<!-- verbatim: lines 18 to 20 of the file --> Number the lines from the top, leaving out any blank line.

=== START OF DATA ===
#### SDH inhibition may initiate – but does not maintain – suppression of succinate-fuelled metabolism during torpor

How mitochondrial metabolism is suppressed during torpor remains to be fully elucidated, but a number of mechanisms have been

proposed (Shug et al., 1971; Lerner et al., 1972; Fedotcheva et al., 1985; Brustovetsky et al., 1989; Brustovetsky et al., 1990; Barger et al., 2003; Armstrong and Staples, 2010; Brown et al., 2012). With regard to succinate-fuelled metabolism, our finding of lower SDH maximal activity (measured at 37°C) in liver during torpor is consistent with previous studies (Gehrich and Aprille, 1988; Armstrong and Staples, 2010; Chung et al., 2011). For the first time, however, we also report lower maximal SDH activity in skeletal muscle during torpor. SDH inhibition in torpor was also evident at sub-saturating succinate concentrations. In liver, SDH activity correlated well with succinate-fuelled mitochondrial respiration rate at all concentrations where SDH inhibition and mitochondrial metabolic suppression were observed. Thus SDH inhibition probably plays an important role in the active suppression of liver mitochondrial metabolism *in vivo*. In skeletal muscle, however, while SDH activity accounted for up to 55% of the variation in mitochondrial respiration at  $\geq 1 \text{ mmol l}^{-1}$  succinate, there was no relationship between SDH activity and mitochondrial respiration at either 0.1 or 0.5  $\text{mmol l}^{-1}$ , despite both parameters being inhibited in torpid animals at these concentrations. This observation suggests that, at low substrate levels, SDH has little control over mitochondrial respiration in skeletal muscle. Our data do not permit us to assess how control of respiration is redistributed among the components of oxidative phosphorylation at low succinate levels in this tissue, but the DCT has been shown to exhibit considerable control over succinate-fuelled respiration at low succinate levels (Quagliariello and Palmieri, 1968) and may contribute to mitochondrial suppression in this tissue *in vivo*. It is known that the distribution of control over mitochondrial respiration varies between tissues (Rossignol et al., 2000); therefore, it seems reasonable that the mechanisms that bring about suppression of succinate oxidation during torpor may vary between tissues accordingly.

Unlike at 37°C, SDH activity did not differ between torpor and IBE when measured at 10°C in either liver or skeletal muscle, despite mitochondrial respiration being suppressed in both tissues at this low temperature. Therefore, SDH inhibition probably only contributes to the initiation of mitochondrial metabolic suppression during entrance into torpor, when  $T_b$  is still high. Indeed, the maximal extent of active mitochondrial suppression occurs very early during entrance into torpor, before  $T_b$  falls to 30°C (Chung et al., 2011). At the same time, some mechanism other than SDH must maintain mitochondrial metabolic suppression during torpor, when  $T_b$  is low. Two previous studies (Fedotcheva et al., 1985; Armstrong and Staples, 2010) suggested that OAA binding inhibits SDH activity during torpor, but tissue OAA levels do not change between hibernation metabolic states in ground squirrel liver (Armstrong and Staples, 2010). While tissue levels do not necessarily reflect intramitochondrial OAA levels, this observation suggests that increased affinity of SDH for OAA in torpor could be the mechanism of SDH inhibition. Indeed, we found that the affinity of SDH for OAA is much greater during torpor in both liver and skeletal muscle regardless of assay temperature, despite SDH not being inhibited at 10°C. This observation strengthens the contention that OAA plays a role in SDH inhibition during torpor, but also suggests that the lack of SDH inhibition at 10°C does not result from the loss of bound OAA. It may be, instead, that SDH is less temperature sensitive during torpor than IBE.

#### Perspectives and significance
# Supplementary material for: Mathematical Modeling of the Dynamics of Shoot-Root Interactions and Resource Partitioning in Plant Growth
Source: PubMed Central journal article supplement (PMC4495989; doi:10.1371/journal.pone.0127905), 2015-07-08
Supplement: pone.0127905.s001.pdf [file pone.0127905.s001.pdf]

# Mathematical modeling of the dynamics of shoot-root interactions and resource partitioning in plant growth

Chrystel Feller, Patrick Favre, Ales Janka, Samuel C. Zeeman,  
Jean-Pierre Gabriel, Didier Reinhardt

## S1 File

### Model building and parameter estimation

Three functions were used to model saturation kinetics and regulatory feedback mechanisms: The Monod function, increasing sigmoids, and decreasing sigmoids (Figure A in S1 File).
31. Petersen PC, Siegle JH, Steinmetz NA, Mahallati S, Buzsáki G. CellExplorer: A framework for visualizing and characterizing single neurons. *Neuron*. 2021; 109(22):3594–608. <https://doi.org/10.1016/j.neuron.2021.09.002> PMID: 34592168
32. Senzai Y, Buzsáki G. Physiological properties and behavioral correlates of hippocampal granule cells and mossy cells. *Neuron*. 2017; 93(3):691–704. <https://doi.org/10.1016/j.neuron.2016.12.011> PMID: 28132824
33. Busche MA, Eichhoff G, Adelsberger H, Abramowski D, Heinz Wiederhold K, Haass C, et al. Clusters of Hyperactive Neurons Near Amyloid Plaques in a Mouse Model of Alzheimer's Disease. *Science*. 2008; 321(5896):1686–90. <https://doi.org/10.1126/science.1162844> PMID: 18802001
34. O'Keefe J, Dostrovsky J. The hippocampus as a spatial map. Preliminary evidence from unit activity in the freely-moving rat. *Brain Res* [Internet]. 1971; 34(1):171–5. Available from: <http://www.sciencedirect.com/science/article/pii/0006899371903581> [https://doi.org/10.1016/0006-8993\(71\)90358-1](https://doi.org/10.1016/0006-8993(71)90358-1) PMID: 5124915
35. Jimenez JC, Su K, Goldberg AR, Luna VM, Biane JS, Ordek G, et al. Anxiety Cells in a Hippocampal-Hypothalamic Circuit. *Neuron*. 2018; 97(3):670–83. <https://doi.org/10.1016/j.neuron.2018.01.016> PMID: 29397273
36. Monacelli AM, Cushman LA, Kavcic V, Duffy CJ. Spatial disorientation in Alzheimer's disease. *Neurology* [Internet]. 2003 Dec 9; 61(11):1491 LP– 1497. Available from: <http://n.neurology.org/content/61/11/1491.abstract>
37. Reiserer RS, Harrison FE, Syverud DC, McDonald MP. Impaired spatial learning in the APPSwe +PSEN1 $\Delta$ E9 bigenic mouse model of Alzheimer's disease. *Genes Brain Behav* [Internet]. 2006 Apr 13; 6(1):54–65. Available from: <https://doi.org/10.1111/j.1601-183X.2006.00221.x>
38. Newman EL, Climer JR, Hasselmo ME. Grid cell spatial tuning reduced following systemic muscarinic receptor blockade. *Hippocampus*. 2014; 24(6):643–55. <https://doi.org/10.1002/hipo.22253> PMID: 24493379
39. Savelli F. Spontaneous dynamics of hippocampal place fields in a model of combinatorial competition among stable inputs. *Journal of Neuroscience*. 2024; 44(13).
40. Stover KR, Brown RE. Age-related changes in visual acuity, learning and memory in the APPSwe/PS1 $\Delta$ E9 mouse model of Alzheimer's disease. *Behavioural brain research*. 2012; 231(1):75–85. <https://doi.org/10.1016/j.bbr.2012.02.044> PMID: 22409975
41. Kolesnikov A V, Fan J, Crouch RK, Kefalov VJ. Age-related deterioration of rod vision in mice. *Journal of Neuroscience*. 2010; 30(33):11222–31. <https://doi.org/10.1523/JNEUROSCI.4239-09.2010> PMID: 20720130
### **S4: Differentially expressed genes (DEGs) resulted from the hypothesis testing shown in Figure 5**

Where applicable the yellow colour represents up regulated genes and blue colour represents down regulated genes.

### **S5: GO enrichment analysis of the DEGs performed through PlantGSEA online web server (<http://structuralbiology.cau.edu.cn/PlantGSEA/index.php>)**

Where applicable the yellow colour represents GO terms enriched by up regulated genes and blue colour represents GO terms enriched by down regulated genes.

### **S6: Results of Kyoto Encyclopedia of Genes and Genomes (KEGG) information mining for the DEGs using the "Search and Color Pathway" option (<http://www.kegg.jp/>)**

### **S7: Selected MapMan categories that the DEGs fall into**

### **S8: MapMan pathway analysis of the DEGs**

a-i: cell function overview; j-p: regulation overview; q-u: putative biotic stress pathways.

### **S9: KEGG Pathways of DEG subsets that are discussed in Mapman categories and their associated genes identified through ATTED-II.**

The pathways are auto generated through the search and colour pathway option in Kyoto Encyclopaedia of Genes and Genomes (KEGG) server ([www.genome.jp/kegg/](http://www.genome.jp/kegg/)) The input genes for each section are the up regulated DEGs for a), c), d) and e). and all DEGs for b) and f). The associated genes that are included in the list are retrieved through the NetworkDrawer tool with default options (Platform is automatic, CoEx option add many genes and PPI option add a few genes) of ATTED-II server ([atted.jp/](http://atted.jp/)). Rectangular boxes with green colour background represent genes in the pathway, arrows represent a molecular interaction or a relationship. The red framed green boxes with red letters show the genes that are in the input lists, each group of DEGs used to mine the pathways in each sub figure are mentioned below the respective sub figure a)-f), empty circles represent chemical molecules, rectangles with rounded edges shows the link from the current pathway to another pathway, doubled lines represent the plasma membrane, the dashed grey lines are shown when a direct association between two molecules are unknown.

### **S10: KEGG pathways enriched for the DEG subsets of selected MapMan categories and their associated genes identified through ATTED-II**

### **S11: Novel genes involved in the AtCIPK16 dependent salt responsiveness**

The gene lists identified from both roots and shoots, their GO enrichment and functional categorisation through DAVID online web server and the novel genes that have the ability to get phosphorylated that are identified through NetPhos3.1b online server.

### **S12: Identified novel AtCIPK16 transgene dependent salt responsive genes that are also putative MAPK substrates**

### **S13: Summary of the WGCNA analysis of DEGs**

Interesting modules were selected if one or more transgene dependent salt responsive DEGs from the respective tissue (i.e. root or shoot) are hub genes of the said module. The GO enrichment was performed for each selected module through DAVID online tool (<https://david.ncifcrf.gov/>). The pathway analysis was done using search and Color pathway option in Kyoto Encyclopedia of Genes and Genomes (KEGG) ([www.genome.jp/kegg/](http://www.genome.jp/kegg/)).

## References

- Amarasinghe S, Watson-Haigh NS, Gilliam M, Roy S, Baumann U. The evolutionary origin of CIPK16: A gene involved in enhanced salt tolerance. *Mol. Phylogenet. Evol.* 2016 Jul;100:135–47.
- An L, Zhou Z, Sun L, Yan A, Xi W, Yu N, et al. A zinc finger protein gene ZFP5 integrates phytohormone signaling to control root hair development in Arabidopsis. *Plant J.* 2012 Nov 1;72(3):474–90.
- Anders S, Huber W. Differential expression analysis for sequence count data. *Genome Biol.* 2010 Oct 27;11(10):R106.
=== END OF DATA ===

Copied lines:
34. O'Keefe J, Dostrovsky J. The hippocampus as a spatial map. Preliminary evidence from unit activity in the freely-moving rat. *Brain Res* [Internet]. 1971; 34(1):171–5. Available from: <http://www.sciencedirect.com/science/article/pii/0006899371903581> [https://doi.org/10.1016/0006-8993\(71\)90358-1](https://doi.org/10.1016/0006-8993(71)90358-1) PMID: 5124915
35. Jimenez JC, Su K, Goldberg AR, Luna VM, Biane JS, Ordek G, et al. Anxiety Cells in a Hippocampal-Hypothalamic Circuit. *Neuron*. 2018; 97(3):670–83. <https://doi.org/10.1016/j.neuron.2018.01.016> PMID: 29397273
36. Monacelli AM, Cushman LA, Kavcic V, Duffy CJ. Spatial disorientation in Alzheimer's disease. *Neurology* [Internet]. 2003 Dec 9; 61(11):1491 LP– 1497. Available from: <http://n.neurology.org/content/61/11/1491.abstract>